When he was a kid, Kyle Cronk thought he wanted to be a teacher. He expressed this dream to one of his teachers when he was 15, and in doing so unknowingly set into motion a lifelong career path at the YMCA.
“(My teacher) said that I should figure out if I liked kids before I decided on teaching,” Cronk said, laughing. “So, he sent me to work at a summer camp up on Orcas Island called Camp Orkila, which is run by the Y.”
Cronk loved it, and continued working at the camp each summer through college. Rather than sending him down a career path to be a teacher, however, that first summer at Camp Orkila marked the beginning of a 33-year career with the national nonprofit. Today, he’s CEO of the South Sound YMCA.
The impact the Y has had on Cronk’s life goes well beyond the career he has built, which includes roles like the branch operations director at the YMCA of Greater Seattle, the Active America National Facilitator for the YMCA of the USA, and the CEO of the Olympic Peninsula YMCA.
“(I met) two of my current best friends at that camp when I was 15. Because of the Y, I went to college — I’m a first-generation college student, and I never would have gone if I hadn’t been surrounded by people who were already going. And I met my wife through the Y. We did similar jobs in Seattle working with teenagers. So many things in my life are wrapped up with the YMCA, it really is unbelievable.”
Having worked in so many YMCA locations, Cronk has a unique perspective on the way the organization has served the needs of different jurisdictions over time. We sat down with him to learn more about the economic impact of the YMCA on the South Sound and the nonprofit’s approach to bridging gaps in communities.
You’ve worn a lot of different hats in a lot of different communities with the Y. How does the organization assess how it will help meet each of these community’s needs?
The one thing that’s consistent is that the YMCA does not go into a particular community — big, small, rural, or urban — and say, “We’ve got all the answers.” The Y goes into those communities to find whatever the gaps are, and then the Y meets those community needs. I’ve seen that no matter where I’ve been. It’s really about the volunteer leadership understanding what the community gaps are and then figuring out how the YMCA can bridge those gaps.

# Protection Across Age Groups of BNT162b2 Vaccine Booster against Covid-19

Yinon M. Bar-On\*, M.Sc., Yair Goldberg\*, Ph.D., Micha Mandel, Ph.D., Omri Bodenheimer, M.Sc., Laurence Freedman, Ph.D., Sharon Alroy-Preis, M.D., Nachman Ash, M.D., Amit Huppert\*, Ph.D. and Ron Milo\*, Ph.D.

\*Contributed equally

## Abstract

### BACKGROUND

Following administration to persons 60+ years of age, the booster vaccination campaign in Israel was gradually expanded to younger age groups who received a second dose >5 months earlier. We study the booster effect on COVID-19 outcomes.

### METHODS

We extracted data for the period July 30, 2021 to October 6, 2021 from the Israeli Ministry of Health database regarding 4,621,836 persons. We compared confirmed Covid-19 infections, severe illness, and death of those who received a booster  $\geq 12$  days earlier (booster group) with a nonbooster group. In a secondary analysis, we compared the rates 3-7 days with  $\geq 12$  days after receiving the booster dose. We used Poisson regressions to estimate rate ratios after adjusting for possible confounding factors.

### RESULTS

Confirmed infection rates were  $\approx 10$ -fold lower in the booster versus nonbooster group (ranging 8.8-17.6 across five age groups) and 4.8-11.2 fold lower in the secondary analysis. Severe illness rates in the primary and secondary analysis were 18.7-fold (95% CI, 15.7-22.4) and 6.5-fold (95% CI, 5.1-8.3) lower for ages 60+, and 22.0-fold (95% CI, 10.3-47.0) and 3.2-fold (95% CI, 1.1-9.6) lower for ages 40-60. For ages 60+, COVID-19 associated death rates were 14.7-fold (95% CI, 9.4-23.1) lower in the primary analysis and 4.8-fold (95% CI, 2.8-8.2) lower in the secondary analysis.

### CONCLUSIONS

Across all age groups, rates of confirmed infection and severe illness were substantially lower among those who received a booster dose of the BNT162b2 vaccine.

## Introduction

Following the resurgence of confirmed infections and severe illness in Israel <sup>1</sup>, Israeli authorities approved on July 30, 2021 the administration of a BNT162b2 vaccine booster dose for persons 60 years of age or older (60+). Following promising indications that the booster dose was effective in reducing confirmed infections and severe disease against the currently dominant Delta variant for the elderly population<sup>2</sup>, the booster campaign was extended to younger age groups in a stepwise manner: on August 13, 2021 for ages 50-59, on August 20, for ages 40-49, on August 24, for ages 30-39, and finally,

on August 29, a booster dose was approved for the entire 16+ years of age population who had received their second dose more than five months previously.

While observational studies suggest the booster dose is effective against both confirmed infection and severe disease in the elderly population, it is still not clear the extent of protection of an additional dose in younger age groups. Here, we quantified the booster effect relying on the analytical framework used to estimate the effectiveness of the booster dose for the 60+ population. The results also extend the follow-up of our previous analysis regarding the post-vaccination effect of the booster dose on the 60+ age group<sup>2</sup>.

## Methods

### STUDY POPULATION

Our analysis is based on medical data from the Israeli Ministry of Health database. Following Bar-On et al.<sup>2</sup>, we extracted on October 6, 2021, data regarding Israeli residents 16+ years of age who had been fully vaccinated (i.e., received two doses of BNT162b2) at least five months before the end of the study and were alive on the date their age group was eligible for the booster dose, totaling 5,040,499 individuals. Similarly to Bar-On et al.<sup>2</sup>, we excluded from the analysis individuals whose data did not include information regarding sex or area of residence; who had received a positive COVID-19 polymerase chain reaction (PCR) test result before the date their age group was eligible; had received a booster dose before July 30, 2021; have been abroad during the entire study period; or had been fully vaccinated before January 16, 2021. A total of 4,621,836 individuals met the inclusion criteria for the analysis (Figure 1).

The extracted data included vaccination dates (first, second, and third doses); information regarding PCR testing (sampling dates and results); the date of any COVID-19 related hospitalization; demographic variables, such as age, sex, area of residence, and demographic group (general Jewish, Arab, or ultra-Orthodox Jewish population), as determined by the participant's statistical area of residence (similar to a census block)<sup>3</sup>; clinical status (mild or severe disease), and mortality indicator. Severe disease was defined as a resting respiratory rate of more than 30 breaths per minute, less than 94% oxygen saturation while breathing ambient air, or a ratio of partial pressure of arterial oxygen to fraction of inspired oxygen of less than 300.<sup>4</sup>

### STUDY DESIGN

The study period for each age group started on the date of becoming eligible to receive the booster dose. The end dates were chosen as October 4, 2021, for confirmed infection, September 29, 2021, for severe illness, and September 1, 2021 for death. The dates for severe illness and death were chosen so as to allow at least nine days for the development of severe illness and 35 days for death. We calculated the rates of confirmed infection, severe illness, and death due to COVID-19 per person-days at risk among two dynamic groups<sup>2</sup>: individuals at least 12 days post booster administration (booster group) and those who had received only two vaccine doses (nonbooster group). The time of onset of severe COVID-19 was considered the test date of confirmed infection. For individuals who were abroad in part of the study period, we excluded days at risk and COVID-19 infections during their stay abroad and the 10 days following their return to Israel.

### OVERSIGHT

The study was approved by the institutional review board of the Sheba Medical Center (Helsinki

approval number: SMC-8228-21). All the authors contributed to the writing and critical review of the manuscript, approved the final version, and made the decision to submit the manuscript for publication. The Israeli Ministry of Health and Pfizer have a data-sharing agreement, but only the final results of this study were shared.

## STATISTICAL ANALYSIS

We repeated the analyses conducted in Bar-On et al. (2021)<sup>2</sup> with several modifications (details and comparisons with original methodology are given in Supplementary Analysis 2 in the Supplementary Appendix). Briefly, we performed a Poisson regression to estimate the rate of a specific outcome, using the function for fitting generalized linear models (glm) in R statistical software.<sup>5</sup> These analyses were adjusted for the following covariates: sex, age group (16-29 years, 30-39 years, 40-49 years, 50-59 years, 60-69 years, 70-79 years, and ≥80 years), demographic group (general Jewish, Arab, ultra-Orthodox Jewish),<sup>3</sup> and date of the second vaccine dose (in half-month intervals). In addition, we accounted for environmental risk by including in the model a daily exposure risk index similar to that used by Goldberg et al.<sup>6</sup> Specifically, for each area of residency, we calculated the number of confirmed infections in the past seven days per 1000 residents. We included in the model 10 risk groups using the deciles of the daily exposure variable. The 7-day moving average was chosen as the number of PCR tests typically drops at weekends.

What does that look like in the South Sound?
Well, we’re the largest provider of childcare in the South Sound, and that has two parts: youth development and economic development. The youth development is the work we do with 1,400 kids before and after school in six different school districts on 33 sites. We work on solving problems, making friends, talking to peers.
The second part that people don’t really realize as much is that without childcare, people don’t work. So, it becomes an economic-development tool: If you have affordable, safe childcare, people can join the workforce, and that helps strengthen the broader community.
We’re also one of the top 20 employers in Thurston County, so our impact is quite broad in that respect as well.
The Y is building a new location in Shelton. What has that process been like?
This has been in the works for 25 or 30 years. Shelton has known for a long time that it needed something to help fill community gaps, and that there wasn’t anywhere positive for kids to go: The bowling alley burned down, there’s no skating rink, and no community center. A group of volunteers started trying to figure out what they could bring to the town and how, and a community survey revealed that people would be more likely to join something if it were a YMCA.
How has Shelton responded to knowing it soon will have a Y? When do you expect it to be open?
I’ve never been in a community that didn’t have a Y like Shelton. It’s amazing to see the amount of enthusiasm, passion, excitement, and longing for what (people there) believe a YMCA will do in their community. We have people who are giving hundreds of thousands of dollars because they understand that when a YMCA comes to your town, it becomes a lasting part of the fabric of that community.
We launched this campaign in April, and we’re on a trajectory to get to our $16 million goal, break ground on the building sometime in the third quarter of 2019, and have kids in the pool by late 2020.
What makes the Y unique among national nonprofits?
Everyone is welcome at the Y. Whatever your circumstances, it doesn’t matter; you’re welcome here. We’re about building relationships, making people feel like they belong, and putting people in positions to achieve what they can achieve. We have a fundamental belief that we are better together, and we use that to strengthen communities. Last year, the South Sound YMCA gave away $709,000 in financial assistance, which ensures that people who can’t afford the whole cost can still participate.
In this time of greater division, one of the centralizing things is that people believe in kids and believe that kids need positive things to do and good role models. The other thing that is true even in this divided time is that people are concerned about their health. And the Y manifests itself as a place that meets both of those needs and that is open for everybody, no matter what. I think that’s pretty unique.